Symposium Information

Background and Goals

The Arctic Ocean and its adjacent seas are undergoing rapid environmental changes, most notably in the extent and duration of sea ice cover. The biological consequences of these changes and their impacts on humans are complicated and therefore difficult to predict. For example, larger areas and a longer season of open water are likely to increase primary production, while low nutrient availability and more storm events may limit any such increases. Changes in the abundance and spatial distribution of some fish, birds, and mammals have been documented, but whether subarctic species will expand into the Arctic and how arctic species will respond to an extended ice-free season is highly uncertain.

This symposium seeks to advance our understanding of present and future responses of arctic marine ecosystems to climate change at all trophic levels from plankton to marine mammals to humans by documenting and forecasting likely changes in environmental processes and the responses of species to those changes. We encourage contributions that focus on collaborative approaches to understanding and managing living marine resources in a changing Arctic and to managing human responses—locally, regionally, and globally—to changing arctic marine ecosystems. We believe that important insight and innovation will come from residents of the affected arctic communities.


Presentations will begin at 8:30 a.m. on Tuesday, March 26 and continue until noon on Friday, March 29. The program will be updated as necessary until the time of the meeting.

The official language of the symposium is English. Participants needing interpretation or translation services should provide their own, and notify the symposium coordinator.

Communicating Climate Science Workshop

On Monday, March 25, 7–9 pm, the pre-conference Communicating Climate Science Workshop will be held near the conference hotel at 1007 W. 3rd Avenue, Suite 100.

Audience: Climate Scientists, Science Education and Outreach Specialists, Science Communicators

Description: How can the evidence and implications of climate science be communicated effectively? How do people learn new, complex information and change their existing framework of knowledge, beliefs, and attitudes? Learn tips and tools that you can use immediately to more effectively communicate climate science at the multidisciplinary Wakefield Symposium, Responses of Arctic Marine Ecosystems to Climate Change, and in future outreach beyond the scientific community, in the highly politicized landscape of community members, journalists, and policy-makers. The single weather event of Hurricane Sandy increased the percentage of Americans who believe that climate change is happening, from 57% to an all-time high of 70%. Yet only 44% believe that scientists, their most trusted source of scientific information, are in agreement about climate change. This workshop will provide climate change communication resources and an opportunity to practice crafting science outreach messages that communicate effectively.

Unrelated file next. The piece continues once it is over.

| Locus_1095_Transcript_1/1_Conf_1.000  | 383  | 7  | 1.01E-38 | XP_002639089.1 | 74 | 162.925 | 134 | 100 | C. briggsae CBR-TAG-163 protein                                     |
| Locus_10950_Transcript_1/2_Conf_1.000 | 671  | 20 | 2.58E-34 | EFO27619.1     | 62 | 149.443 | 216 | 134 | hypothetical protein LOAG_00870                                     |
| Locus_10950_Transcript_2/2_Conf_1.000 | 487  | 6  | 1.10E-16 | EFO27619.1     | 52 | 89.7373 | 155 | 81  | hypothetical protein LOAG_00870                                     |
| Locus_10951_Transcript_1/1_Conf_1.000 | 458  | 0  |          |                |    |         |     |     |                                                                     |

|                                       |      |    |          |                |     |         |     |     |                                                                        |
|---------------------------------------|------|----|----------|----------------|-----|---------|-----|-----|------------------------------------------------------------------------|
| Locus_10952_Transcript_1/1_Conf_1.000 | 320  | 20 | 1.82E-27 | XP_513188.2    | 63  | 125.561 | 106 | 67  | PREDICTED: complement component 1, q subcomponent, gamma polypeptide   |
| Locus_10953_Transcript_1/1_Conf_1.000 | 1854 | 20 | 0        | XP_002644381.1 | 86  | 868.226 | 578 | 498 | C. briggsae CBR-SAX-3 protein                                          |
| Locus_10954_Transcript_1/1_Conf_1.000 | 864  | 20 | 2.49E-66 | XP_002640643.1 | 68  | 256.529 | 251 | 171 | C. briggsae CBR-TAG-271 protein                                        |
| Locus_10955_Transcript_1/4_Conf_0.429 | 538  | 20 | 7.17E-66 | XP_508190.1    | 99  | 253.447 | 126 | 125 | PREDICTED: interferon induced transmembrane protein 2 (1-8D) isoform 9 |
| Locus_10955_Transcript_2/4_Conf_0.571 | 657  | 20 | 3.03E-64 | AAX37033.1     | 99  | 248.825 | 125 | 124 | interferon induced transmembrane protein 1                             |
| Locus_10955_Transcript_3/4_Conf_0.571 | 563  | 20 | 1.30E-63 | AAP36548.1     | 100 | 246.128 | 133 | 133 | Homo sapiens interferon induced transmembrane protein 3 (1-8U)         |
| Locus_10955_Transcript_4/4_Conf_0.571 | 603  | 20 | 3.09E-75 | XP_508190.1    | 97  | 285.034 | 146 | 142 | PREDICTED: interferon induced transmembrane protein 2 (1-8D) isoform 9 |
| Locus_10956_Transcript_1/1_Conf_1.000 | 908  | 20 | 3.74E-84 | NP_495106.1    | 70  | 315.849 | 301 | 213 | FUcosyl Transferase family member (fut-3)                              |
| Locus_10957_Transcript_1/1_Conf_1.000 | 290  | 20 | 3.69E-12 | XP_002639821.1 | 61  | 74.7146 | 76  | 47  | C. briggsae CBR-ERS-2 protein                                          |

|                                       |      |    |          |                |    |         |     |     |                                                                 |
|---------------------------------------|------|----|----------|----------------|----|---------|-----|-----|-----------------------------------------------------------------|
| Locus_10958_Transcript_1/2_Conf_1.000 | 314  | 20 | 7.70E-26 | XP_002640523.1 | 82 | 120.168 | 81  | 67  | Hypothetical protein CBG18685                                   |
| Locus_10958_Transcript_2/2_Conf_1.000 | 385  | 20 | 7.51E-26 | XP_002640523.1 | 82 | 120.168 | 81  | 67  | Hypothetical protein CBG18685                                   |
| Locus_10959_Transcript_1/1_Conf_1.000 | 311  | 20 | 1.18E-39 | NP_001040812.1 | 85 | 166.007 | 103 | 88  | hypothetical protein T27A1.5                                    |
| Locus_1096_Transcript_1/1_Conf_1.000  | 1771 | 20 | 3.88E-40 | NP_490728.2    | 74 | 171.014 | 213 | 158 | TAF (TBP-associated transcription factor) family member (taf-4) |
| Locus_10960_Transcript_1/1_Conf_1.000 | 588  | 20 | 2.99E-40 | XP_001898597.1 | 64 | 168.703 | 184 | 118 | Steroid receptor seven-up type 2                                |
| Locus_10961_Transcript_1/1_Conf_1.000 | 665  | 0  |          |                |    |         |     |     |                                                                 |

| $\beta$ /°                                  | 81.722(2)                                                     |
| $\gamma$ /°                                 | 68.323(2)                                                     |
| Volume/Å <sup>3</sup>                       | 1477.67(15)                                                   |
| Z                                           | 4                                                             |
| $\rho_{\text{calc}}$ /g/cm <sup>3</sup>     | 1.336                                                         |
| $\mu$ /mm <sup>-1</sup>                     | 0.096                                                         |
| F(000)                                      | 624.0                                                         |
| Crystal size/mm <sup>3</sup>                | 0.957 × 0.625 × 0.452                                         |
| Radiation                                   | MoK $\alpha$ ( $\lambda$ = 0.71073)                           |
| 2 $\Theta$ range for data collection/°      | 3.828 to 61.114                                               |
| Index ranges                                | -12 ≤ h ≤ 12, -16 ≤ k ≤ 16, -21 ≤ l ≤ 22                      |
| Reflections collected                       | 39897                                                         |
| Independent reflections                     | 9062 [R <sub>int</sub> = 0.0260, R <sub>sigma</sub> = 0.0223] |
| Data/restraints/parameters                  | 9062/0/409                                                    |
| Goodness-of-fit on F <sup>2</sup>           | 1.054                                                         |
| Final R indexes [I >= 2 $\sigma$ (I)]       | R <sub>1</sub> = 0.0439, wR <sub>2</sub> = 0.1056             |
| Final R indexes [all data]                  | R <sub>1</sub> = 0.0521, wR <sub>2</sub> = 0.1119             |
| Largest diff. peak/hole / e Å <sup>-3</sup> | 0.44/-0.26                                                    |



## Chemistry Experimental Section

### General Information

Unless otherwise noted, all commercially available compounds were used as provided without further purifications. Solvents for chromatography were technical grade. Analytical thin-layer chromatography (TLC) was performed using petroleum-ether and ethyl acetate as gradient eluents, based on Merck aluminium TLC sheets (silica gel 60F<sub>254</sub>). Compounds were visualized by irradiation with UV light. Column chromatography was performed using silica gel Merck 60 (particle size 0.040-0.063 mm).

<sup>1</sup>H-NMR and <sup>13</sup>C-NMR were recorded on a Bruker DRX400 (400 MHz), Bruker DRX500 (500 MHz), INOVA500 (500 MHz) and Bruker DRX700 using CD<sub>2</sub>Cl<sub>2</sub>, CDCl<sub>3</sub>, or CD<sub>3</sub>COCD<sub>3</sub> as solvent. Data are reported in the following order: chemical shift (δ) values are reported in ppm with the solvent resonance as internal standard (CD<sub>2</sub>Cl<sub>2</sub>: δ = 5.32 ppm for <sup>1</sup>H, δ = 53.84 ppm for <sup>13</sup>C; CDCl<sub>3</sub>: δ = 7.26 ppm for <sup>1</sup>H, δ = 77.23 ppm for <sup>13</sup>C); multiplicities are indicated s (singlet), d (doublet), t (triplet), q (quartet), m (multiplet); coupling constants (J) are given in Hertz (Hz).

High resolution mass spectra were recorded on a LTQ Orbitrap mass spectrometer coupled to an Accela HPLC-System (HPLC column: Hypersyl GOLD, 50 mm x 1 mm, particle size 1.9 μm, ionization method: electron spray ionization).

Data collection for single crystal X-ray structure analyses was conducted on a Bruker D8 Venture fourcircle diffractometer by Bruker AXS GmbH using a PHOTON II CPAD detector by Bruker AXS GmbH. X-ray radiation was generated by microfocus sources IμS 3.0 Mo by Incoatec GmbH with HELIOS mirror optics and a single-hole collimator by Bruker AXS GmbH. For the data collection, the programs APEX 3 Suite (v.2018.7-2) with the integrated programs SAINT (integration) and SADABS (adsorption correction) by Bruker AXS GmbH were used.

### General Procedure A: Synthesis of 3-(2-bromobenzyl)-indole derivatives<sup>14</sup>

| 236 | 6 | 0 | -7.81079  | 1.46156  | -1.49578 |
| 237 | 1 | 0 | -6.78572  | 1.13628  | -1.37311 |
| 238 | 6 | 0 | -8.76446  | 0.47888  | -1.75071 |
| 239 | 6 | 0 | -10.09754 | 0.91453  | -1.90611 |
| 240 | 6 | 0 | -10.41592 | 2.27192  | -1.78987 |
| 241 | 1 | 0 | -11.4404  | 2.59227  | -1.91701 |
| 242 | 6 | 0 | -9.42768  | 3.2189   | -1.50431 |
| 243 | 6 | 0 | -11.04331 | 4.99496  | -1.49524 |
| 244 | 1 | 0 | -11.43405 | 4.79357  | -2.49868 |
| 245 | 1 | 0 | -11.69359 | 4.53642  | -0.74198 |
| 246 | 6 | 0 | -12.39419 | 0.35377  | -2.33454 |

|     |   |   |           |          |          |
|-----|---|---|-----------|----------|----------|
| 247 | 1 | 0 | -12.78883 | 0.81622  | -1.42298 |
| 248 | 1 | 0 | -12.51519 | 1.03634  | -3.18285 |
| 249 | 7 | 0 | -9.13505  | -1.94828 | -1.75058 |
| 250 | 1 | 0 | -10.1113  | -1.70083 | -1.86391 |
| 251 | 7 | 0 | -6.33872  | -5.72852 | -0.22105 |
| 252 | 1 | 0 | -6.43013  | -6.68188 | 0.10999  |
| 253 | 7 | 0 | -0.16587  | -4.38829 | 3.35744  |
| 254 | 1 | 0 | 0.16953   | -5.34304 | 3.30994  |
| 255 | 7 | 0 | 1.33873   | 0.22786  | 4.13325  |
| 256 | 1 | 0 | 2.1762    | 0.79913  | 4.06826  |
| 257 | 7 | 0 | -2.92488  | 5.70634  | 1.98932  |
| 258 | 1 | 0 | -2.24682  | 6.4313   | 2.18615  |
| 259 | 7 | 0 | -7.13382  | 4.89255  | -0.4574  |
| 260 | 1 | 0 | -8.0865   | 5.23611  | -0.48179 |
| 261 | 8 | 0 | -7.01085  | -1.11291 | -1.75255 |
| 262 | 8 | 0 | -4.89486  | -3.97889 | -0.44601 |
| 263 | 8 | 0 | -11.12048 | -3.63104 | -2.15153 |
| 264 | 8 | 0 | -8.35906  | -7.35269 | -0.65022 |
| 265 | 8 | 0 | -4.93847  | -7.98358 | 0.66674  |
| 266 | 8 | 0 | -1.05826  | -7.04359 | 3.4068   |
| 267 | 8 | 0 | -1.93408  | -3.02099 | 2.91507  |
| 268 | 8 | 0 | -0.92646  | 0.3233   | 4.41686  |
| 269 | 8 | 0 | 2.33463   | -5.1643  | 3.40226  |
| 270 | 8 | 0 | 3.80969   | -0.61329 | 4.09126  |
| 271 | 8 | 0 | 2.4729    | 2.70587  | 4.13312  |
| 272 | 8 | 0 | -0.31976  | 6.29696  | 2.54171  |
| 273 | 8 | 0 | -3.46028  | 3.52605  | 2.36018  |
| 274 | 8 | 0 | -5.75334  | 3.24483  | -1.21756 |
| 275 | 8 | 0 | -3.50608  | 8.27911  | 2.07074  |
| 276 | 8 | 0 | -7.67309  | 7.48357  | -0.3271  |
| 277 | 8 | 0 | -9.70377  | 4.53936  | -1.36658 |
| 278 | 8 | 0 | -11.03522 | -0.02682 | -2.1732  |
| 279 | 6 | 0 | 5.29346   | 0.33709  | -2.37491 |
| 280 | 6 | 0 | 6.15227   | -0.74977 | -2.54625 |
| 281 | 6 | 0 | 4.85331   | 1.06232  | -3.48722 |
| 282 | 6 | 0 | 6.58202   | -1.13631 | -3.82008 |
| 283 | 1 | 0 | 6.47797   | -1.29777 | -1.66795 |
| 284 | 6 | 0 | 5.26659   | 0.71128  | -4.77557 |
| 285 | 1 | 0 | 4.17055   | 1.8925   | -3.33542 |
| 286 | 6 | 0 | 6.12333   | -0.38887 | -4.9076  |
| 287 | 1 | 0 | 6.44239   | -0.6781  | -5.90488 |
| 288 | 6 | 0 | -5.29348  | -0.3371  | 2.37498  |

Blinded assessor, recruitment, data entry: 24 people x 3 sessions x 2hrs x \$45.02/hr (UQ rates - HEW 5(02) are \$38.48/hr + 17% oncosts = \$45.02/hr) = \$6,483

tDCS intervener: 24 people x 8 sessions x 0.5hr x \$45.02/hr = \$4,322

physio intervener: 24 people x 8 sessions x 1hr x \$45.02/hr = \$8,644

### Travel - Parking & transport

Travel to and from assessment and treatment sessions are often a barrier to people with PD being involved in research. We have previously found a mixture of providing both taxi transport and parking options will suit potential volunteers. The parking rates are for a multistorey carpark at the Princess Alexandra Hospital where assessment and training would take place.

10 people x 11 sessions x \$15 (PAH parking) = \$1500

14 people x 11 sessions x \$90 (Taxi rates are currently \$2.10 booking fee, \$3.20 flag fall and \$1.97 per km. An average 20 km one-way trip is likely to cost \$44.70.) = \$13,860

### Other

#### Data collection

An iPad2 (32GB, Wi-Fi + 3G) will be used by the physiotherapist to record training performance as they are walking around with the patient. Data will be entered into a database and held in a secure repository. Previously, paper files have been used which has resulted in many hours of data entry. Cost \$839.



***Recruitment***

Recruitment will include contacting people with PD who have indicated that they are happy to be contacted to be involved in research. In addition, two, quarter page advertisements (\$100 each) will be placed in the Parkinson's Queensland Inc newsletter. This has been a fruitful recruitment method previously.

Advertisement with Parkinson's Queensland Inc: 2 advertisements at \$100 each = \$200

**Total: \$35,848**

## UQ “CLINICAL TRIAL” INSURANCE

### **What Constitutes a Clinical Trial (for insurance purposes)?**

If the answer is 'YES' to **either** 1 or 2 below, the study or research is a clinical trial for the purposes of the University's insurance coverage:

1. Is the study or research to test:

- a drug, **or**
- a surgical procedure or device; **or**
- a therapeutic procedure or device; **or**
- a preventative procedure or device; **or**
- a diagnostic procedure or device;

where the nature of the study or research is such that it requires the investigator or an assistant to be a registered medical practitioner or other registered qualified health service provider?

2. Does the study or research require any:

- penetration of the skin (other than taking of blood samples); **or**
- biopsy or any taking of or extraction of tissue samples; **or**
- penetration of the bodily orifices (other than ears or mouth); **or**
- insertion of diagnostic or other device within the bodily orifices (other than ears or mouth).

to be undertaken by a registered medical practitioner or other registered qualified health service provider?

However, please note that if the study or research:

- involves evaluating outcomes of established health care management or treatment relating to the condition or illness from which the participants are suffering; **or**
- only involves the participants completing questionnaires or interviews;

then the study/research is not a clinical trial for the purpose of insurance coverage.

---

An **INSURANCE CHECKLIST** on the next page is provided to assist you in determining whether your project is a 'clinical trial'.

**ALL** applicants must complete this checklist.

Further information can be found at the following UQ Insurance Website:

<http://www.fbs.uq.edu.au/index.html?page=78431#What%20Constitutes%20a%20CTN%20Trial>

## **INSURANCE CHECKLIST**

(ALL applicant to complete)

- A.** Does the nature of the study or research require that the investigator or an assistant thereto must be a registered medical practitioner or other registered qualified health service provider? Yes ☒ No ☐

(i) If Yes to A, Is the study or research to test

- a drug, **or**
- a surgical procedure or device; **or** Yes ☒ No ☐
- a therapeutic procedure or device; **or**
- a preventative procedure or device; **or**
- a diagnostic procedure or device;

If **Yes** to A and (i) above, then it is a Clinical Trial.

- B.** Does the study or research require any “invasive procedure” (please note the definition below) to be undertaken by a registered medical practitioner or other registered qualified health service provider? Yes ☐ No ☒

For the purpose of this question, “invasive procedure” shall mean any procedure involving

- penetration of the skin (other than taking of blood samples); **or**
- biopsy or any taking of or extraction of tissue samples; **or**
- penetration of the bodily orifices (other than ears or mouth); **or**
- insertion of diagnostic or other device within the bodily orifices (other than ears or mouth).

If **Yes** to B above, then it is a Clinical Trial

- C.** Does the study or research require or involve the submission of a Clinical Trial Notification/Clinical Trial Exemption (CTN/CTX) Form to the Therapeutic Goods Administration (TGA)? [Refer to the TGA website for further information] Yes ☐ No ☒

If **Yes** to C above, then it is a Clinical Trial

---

Space is limited. For more information contact Marilyn Sigman.

Sponsors: Alaska Center for Ocean Science Education Excellence (COSEE-AK), Alaska Sea Grant, University of Alaska Fairbanks School of Fisheries and Ocean Sciences, Alaska Ocean Observing System, UAF School of Cross-Cultural Education, Alaska SeaLife Center

Symposium sessions

During the symposium, oral presentations and posters addressing Responses of Arctic Marine Ecosystems to Climate Change will be presented on the following topics:

Session 1: Observed and anticipated environmental changes in the Arctic

This session examines past and future changes in the climate and oceanography of the Arctic in response to increasing levels of CO2 in the atmosphere. Contributions may address changes in ice cover, water circulation, freshwater inputs, ocean chemistry (including acidification), and nutrient dynamics.

Session 2: Lower trophic level productivity of arctic waters in a changing climate

This session addresses the consequences of a longer ice-free season and changes in advection for primary and secondary productivity in arctic waters based on past observations, process studies, and modeling studies.

Session 3: Marine fish resources of the Arctic in a changing climate

This session encompasses the biology and ecology of arctic fishes, distributional shifts of fishes into arctic waters, the capacity of local species to adapt to changing conditions, fisheries potential of the Arctic Ocean, and approaches to managing fisheries resources in the Arctic from local to pan-arctic scales.

Session 4: Observed and anticipated responses of arctic birds and marine mammals to environmental changes in the Arctic

Contributions may address distributional and demographic shifts in arctic seabird and marine mammal populations relative to changes in sea ice, including real examples of the responses of populations at the edges vs. the center of their range. Contributions may document management changes and population response.